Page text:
More than two in five (42%) teaching assistants, caretakers, cleaners and other school support staff in England and Wales are actively looking for better paid jobs because of the rising cost of living and persistent low pay in education, according to a UNISON survey released today (Friday).
The survey responses paint a bleak picture of school employees living with no heating or hot water because of broken boilers they can’t afford to fix, worrying about how to pay for dental treatment, relying on their children for money, or going to food banks.
The findings reveal an overwhelming majority (96%) say the rate of pay for their school job isn’t enough for them to cope with increasing prices. Three in ten (31%) say they only take home between £1,000 and £1,199 each month. A similar proportion earn less than £1,000 a month.
The findings are released to coincide with the launch of Stars in our Schools, UNISON’s annual celebration of the invaluable contribution made by all support staff in schools across the UK.
While the survey reveals how only half of school support staff (49%) feel valued at work, many say they do feel appreciated by their colleagues and the children in school.
Seven in ten (71%) are worried about paying their utility and council tax bills and more than four in ten (47%) are anxious about paying their mortgage or rent.
As money is so tight, a quarter (25%) have resorted to taking second or even third jobs simply to make ends meet and stay in the job they love. Four in ten (41%) say they’ve had to cut back on spending and 35% have borrowed money from friends and family just to get by.
Some say they’ve had to sell possessions online, others are working in nail bars, call centres, bars, restaurants and supermarkets, in addition to their job in school.
UNISON assistant general secretary Jon Richards said: “School support staff are a dedicated workforce who go the extra mile every day and work incredibly hard. Schools couldn’t operate without them. But many have reached a point where they simply can’t afford to stay in the job they love.
“Schools risk an exodus of support staff, as people reluctantly seek better-paid jobs. This is a terrible state of affairs, given the tireless work of support staff throughout the pandemic, ensuring schools remained open and free school meals were still provided.
“But the rising cost of bills, food and travel means many of the stars in our schools risk falling into serious debt or losing their homes. They simply don’t earn enough for the incredible job they do. The government must make extra money available to enable schools to keep the support staff they’re so dependent upon by paying them properly.”
School support staff who took part in the survey highlighted the impact that the rising cost of living was having upon them and their families. Comments included:
“I cannot even pay my rent on my wages. I am renting a tiny two-bedroom place for £1,100 a month with my husband who has cancer and cannot work full time.”
“As a single person, I am just over the threshold for any financial help from the government and struggle to keep on top of bills. I panic whenever I have to visit the dentist or optician.”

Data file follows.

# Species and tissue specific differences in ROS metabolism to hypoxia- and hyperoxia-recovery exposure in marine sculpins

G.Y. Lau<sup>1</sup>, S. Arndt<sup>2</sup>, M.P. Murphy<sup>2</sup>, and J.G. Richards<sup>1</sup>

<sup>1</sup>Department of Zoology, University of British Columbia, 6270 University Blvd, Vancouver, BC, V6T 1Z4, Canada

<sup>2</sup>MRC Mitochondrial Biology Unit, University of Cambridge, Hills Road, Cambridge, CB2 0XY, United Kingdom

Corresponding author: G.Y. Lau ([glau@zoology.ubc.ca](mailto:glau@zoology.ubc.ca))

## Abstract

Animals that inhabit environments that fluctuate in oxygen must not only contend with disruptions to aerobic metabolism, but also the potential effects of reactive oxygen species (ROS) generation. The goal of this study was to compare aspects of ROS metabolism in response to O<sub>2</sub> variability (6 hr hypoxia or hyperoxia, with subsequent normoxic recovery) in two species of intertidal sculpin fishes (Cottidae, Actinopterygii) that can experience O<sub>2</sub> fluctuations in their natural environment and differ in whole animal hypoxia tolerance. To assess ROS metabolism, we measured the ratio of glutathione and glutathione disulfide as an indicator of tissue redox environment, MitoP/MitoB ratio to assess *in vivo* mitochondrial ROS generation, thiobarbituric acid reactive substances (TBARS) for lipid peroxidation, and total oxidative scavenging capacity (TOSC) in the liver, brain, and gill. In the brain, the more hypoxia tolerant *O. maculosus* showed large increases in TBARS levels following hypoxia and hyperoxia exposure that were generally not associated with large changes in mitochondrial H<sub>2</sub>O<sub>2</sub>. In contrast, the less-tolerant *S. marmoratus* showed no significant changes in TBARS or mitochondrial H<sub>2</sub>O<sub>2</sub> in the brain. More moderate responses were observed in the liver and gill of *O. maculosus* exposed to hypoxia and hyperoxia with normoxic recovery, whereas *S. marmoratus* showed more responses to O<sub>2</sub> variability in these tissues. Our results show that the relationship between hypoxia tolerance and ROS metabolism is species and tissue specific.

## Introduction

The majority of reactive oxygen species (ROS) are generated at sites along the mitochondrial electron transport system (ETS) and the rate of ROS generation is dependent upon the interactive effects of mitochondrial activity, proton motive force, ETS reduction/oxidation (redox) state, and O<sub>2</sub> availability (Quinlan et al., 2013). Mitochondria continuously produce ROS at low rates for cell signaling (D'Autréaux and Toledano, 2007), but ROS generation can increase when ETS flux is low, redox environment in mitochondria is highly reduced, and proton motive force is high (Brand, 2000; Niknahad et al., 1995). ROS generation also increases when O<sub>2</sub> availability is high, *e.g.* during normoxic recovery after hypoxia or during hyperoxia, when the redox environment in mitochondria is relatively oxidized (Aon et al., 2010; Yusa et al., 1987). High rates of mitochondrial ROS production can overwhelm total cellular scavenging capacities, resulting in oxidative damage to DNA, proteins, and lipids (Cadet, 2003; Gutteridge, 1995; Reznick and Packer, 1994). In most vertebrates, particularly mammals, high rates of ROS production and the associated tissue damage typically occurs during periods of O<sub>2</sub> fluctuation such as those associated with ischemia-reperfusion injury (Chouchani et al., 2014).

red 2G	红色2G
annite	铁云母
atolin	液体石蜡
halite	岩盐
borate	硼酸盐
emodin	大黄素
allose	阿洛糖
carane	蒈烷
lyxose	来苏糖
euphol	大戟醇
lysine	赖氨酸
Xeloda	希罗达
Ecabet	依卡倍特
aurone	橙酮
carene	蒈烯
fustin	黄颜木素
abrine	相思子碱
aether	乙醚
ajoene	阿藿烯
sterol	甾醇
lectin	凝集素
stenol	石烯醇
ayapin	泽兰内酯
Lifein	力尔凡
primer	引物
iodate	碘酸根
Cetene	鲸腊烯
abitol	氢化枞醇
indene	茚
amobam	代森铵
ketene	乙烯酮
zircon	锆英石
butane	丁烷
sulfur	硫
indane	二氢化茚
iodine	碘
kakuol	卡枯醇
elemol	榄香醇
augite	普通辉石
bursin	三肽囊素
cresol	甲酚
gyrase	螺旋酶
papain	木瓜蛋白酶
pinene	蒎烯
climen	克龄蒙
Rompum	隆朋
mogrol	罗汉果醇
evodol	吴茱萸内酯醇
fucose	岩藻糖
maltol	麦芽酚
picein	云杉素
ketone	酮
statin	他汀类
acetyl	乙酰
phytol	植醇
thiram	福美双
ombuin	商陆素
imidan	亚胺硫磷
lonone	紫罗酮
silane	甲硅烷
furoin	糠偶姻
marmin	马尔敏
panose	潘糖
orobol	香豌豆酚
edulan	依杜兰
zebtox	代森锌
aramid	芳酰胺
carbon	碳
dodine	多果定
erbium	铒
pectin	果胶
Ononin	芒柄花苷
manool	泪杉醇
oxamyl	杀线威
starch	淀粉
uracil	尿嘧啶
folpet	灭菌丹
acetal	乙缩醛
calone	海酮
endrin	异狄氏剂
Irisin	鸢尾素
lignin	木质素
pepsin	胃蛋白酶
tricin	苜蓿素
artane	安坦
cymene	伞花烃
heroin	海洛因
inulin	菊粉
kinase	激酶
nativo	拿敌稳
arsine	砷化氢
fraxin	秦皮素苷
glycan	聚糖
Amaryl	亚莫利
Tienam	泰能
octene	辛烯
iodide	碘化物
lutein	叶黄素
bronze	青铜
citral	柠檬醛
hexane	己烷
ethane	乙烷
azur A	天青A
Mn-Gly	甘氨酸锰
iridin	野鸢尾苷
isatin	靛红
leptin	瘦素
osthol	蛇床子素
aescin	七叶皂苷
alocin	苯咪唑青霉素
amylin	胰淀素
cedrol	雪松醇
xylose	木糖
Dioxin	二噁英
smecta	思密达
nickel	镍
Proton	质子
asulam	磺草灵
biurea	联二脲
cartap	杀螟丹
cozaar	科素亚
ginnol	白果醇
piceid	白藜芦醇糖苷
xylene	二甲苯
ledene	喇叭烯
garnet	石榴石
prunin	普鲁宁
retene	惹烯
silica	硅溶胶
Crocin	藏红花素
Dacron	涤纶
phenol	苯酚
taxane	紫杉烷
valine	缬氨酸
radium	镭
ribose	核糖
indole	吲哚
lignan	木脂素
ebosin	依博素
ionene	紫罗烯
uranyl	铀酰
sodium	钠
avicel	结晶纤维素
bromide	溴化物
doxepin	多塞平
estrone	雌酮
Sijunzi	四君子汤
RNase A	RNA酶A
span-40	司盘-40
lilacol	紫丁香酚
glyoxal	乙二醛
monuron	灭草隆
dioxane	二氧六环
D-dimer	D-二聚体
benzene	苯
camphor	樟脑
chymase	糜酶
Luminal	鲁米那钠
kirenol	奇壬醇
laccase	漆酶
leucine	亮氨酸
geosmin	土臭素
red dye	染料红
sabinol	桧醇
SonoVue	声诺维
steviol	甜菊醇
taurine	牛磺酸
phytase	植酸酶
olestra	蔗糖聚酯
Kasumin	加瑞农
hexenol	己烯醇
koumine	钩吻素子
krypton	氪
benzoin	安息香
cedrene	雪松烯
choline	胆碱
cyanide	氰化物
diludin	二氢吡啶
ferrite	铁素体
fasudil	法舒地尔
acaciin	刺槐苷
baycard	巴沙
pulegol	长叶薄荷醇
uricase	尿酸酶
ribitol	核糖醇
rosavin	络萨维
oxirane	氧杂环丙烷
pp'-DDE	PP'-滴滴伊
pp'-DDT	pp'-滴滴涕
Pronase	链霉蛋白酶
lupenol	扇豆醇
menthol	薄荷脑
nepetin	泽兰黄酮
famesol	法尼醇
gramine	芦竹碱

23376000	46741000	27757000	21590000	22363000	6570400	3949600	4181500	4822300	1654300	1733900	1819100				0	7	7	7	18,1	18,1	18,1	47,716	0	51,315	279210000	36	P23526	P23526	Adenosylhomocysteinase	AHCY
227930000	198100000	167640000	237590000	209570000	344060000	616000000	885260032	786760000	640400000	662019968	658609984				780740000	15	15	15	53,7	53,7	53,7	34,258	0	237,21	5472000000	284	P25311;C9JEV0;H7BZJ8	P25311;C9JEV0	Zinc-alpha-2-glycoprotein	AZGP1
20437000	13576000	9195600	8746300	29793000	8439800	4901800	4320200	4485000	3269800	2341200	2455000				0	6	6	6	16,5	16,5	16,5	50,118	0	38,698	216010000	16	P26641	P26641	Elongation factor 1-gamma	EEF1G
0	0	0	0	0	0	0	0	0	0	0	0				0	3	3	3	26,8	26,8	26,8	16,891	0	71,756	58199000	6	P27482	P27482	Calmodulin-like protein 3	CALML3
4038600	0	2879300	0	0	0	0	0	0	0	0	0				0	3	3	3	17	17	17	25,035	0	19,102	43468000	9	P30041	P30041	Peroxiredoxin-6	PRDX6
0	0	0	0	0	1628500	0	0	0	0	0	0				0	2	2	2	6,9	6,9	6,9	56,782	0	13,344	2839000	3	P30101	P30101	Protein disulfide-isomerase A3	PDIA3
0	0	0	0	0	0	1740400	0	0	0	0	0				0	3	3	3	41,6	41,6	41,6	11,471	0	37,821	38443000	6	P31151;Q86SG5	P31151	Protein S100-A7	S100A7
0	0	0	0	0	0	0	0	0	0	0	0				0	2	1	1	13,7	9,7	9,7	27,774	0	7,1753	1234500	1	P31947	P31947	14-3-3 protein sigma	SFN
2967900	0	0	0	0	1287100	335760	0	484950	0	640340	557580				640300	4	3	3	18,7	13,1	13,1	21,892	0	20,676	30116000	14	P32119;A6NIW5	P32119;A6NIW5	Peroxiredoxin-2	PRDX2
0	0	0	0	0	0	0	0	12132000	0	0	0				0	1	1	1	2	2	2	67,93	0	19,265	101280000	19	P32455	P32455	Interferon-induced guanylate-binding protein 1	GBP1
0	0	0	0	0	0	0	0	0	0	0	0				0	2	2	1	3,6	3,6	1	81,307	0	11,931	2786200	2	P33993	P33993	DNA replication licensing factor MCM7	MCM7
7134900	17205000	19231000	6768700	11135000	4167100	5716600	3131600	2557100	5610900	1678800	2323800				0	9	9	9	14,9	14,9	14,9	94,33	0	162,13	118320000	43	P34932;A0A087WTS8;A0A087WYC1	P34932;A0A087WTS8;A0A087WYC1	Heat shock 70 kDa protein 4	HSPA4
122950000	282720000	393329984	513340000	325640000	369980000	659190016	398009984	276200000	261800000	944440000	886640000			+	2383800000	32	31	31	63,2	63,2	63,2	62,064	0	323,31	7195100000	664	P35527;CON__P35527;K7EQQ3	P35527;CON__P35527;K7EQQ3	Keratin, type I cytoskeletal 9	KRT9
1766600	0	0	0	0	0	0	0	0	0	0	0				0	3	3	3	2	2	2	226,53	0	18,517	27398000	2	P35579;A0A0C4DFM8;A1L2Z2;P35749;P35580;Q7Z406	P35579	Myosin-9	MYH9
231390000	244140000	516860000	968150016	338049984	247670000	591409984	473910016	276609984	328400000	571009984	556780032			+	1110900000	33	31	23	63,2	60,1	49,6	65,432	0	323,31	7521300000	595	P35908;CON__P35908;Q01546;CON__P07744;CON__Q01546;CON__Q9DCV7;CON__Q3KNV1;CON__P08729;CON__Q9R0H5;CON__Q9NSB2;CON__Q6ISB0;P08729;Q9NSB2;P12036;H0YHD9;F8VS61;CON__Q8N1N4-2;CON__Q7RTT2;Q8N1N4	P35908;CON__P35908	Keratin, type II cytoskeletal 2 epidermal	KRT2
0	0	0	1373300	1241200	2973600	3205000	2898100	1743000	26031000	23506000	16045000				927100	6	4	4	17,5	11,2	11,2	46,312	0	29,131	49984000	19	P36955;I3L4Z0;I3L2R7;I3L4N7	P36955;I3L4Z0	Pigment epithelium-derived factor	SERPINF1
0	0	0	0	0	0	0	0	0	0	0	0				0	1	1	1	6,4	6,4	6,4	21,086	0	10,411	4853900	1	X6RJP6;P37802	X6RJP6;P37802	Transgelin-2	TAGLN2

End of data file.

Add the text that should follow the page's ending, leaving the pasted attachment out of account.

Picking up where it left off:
“I can only cope financially as my youngest son, who is 25, is still living at home. He contributes 50% towards all the bills and groceries. When he eventually moves out, I have serious fears about how I’ll cope.”
“I am struggling to keep my home, pay my bills and feed my children as I’m a single mother. I’m living on a credit card, which I can’t afford to pay off.”
“Childcare is half of my wages. With everything else increasing, I can’t even cover the bills.”
“I am being more careful with heating and buying food. I have told the children they won’t be getting as much for Christmas this year as can’t afford it.”
Notes to editors:
– Thousands of schools across the UK are taking part in UNISON’s Stars in our Schools celebration of school support staff today.
– Christina is visiting St George’s School in Newport, Isle of Wight, to meet with staff on Friday 26 November. Across the country, schools are displaying thank you messages for support staff as well as delivering awards, cakes, goodie bags or putting on breakfasts/tea breaks.
– A total of 6,398 school support staff responded to the online UNISON survey between 3 and 12 November.
Most responses came from staff working in primary schools (59%), with 27% in secondary schools, 10% in special schools, 3% in nurseries and 1% in pupil referral units. A short report summarising the survey findings is here.
– UNISON is currently balloting school support staff over possible strike action on a 1.75% pay offer put forward by the local government employers. The consumer price index rate of inflation currently stands at 4.2%. The value of school support staff pay has been declining for a decade and for many it’s now 25% lower than in 2010.
– UNISON is the UK’s largest union with more than 1.3 million members providing public services in education, local government, the NHS, police service and energy. They are employed in the public, voluntary and private sectors.